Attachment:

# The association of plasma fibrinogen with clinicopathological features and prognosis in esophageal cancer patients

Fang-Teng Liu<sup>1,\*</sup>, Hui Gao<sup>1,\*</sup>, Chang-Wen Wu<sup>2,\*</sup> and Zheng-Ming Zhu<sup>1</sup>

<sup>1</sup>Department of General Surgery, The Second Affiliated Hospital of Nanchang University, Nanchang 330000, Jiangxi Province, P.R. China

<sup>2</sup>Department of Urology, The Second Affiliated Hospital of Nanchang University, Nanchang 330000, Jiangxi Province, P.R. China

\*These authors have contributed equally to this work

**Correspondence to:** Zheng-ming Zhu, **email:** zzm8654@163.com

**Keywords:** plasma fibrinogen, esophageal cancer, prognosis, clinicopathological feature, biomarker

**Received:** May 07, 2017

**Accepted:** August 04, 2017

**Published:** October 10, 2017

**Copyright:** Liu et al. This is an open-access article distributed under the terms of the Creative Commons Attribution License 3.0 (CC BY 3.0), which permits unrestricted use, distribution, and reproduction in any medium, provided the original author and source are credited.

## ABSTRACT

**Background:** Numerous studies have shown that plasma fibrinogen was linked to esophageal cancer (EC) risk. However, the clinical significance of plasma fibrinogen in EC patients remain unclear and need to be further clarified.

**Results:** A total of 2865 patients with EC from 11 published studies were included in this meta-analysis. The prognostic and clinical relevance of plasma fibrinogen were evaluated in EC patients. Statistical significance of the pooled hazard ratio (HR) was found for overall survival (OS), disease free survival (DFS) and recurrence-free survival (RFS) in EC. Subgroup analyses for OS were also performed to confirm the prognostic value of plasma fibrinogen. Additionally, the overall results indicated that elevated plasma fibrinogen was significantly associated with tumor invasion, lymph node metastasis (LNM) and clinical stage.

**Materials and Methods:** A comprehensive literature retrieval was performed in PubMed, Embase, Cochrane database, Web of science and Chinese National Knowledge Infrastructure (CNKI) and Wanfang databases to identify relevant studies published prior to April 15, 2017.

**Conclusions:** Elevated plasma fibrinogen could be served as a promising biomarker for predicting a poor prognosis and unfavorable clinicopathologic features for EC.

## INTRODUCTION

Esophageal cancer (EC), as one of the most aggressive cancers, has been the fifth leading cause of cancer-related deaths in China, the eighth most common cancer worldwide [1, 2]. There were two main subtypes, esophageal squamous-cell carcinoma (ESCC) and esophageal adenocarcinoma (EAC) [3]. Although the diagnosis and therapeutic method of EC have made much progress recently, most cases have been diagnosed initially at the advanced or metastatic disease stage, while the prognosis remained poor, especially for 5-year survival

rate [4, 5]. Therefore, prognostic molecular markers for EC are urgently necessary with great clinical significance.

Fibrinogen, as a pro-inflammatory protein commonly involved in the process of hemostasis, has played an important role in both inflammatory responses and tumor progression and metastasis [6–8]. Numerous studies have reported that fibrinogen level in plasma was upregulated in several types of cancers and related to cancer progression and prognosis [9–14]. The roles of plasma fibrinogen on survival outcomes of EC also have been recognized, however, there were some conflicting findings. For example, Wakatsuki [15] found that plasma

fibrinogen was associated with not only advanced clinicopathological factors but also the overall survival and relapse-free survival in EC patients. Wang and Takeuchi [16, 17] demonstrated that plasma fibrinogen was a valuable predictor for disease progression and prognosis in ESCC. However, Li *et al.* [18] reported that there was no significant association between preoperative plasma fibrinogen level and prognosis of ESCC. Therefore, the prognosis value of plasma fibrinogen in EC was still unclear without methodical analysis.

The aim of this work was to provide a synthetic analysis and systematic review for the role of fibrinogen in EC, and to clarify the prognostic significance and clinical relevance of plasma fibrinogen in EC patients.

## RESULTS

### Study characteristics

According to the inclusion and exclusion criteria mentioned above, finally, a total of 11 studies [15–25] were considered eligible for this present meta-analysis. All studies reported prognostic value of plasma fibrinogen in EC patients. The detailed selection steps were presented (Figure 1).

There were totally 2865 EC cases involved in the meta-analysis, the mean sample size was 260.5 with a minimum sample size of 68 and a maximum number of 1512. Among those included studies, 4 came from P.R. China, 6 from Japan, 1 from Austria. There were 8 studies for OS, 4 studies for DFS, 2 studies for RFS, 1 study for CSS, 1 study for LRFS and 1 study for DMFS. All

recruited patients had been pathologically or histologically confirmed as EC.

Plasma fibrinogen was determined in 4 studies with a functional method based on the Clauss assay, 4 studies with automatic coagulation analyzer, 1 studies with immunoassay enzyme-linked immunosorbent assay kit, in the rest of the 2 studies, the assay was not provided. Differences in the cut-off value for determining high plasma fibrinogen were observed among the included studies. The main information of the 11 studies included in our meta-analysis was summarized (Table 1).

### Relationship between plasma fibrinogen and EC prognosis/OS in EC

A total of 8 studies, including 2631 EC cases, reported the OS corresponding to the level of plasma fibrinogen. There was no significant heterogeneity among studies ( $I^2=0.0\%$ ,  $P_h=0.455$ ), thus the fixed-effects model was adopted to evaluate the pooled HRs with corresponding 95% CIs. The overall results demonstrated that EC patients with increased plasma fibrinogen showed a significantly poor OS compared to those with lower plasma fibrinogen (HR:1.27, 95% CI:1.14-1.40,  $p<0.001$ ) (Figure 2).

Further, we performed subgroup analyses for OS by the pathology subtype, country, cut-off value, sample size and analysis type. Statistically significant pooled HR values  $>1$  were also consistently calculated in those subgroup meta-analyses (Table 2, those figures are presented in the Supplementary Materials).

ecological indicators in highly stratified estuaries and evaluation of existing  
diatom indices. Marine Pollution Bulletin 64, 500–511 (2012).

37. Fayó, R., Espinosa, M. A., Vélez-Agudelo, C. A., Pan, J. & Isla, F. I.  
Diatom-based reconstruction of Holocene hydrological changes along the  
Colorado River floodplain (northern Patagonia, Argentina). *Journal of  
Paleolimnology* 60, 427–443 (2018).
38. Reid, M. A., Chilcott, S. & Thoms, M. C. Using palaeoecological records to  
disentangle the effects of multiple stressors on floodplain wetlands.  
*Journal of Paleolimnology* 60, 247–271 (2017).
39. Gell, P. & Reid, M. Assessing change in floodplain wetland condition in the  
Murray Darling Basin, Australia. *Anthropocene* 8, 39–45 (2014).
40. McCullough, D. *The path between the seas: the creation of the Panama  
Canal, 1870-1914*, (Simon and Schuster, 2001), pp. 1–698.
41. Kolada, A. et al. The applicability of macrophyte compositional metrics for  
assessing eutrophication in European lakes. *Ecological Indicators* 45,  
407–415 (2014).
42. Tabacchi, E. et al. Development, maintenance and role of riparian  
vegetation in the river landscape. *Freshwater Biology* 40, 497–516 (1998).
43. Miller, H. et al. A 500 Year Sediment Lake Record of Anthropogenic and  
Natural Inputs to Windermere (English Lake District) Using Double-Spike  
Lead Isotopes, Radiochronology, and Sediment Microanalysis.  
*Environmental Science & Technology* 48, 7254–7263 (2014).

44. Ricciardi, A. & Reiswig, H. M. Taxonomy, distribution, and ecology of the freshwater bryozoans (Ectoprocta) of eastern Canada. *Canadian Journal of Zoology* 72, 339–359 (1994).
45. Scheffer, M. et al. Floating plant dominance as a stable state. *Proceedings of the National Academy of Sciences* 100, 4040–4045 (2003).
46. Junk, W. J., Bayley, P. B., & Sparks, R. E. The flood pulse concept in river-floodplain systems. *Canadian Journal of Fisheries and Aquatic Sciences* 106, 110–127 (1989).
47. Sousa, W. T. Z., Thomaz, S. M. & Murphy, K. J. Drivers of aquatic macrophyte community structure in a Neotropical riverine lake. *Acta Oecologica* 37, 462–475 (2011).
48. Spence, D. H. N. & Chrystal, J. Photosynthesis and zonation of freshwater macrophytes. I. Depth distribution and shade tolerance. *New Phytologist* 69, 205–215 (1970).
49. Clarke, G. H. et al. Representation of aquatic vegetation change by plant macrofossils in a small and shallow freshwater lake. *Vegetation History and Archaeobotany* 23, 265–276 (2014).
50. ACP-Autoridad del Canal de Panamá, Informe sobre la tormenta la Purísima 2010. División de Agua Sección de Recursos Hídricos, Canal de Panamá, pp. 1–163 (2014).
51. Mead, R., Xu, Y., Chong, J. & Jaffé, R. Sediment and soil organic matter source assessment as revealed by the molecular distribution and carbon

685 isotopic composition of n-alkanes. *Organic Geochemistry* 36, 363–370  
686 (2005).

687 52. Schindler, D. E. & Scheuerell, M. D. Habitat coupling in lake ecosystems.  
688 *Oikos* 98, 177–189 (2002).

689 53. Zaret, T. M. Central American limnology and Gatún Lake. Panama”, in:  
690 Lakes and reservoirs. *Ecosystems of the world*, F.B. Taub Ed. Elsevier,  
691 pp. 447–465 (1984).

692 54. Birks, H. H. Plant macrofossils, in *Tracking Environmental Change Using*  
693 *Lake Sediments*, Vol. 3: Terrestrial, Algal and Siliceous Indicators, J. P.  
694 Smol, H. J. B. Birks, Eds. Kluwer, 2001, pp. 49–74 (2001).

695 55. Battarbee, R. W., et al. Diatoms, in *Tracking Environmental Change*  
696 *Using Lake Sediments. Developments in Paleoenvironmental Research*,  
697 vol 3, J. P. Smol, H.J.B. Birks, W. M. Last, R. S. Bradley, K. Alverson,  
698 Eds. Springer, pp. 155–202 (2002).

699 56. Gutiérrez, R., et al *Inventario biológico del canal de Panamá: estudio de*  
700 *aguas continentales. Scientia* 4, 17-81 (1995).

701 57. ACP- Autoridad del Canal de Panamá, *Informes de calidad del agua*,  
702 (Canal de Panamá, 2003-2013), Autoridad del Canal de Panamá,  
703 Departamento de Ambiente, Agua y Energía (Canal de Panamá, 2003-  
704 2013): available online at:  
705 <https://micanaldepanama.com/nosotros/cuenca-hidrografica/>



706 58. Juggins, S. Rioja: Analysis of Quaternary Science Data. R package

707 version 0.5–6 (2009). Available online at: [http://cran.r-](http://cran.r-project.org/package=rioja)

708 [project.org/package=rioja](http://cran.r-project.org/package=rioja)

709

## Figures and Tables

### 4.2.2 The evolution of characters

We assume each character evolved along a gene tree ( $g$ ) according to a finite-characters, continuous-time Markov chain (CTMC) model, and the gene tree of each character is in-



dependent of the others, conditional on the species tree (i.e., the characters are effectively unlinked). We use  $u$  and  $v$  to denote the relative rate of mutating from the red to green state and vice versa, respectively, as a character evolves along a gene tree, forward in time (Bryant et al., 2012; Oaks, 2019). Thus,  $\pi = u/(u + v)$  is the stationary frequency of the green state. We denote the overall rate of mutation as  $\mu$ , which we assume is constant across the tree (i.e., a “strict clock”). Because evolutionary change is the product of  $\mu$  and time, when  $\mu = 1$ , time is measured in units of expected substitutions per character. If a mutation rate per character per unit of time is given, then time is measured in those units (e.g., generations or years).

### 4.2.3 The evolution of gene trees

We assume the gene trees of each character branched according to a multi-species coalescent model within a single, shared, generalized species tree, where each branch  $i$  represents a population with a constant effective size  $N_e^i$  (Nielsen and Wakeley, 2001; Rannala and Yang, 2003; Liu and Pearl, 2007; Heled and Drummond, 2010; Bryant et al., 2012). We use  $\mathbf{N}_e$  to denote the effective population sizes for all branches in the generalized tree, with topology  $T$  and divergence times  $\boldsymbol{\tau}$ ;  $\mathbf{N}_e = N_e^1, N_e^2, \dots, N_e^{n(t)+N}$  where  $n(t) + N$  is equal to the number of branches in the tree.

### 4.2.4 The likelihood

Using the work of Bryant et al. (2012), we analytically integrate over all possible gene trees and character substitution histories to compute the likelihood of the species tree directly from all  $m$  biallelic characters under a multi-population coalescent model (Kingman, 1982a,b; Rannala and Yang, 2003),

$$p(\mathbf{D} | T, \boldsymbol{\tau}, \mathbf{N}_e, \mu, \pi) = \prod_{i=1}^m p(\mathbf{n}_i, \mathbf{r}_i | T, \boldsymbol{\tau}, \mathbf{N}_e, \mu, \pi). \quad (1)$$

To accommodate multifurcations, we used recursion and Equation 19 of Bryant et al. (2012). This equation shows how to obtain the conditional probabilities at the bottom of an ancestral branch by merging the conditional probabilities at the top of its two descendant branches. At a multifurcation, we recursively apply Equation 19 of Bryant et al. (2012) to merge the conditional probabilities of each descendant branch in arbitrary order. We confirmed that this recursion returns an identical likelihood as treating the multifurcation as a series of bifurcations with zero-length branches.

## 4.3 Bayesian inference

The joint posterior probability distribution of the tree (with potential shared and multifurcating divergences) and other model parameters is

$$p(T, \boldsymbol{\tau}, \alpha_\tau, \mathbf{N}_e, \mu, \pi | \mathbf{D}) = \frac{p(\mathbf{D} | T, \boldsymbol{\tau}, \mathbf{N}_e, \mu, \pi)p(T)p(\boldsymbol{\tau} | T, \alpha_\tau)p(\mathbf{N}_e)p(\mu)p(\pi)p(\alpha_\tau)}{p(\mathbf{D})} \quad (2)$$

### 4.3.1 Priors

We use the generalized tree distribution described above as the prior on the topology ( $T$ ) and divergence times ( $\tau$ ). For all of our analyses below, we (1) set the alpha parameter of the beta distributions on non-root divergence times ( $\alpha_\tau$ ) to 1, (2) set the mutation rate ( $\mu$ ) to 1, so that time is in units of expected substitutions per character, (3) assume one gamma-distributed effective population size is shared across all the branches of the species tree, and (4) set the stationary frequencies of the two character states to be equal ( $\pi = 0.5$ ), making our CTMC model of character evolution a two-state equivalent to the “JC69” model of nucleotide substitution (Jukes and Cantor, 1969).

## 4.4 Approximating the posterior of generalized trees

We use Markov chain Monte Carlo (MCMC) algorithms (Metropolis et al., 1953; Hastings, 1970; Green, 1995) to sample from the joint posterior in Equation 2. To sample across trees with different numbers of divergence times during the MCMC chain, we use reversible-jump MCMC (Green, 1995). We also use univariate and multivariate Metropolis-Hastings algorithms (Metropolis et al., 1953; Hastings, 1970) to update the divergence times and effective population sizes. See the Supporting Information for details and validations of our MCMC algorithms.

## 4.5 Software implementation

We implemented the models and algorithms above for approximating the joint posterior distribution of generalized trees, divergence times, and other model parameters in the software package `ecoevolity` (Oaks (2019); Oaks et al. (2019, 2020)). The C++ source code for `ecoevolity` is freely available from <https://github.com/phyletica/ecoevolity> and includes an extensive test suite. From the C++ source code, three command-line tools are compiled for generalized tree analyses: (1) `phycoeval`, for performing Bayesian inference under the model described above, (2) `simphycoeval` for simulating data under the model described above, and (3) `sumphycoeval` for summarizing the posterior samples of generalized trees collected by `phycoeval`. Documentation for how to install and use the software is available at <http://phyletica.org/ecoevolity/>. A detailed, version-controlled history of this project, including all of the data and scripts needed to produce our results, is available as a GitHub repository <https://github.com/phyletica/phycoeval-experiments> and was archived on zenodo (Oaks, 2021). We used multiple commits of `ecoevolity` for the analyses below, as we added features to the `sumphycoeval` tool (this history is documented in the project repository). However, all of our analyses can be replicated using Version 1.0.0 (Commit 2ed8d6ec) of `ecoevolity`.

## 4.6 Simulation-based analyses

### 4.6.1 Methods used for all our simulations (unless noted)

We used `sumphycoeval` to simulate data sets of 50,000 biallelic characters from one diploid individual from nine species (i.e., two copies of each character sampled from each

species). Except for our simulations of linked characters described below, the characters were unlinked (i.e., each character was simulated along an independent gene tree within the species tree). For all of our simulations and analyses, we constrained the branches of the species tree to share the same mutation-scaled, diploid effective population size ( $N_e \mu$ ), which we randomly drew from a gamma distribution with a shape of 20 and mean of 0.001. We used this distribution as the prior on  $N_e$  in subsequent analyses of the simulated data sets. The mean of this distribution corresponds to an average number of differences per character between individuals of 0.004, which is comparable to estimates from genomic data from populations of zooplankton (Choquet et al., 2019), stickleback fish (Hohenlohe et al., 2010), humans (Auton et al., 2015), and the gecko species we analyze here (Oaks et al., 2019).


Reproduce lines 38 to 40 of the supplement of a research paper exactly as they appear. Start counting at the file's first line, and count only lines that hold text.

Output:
38. Reid, M. A., Chilcott, S. & Thoms, M. C. Using palaeoecological records to  
disentangle the effects of multiple stressors on floodplain wetlands.  
*Journal of Paleolimnology* 60, 247–271 (2017).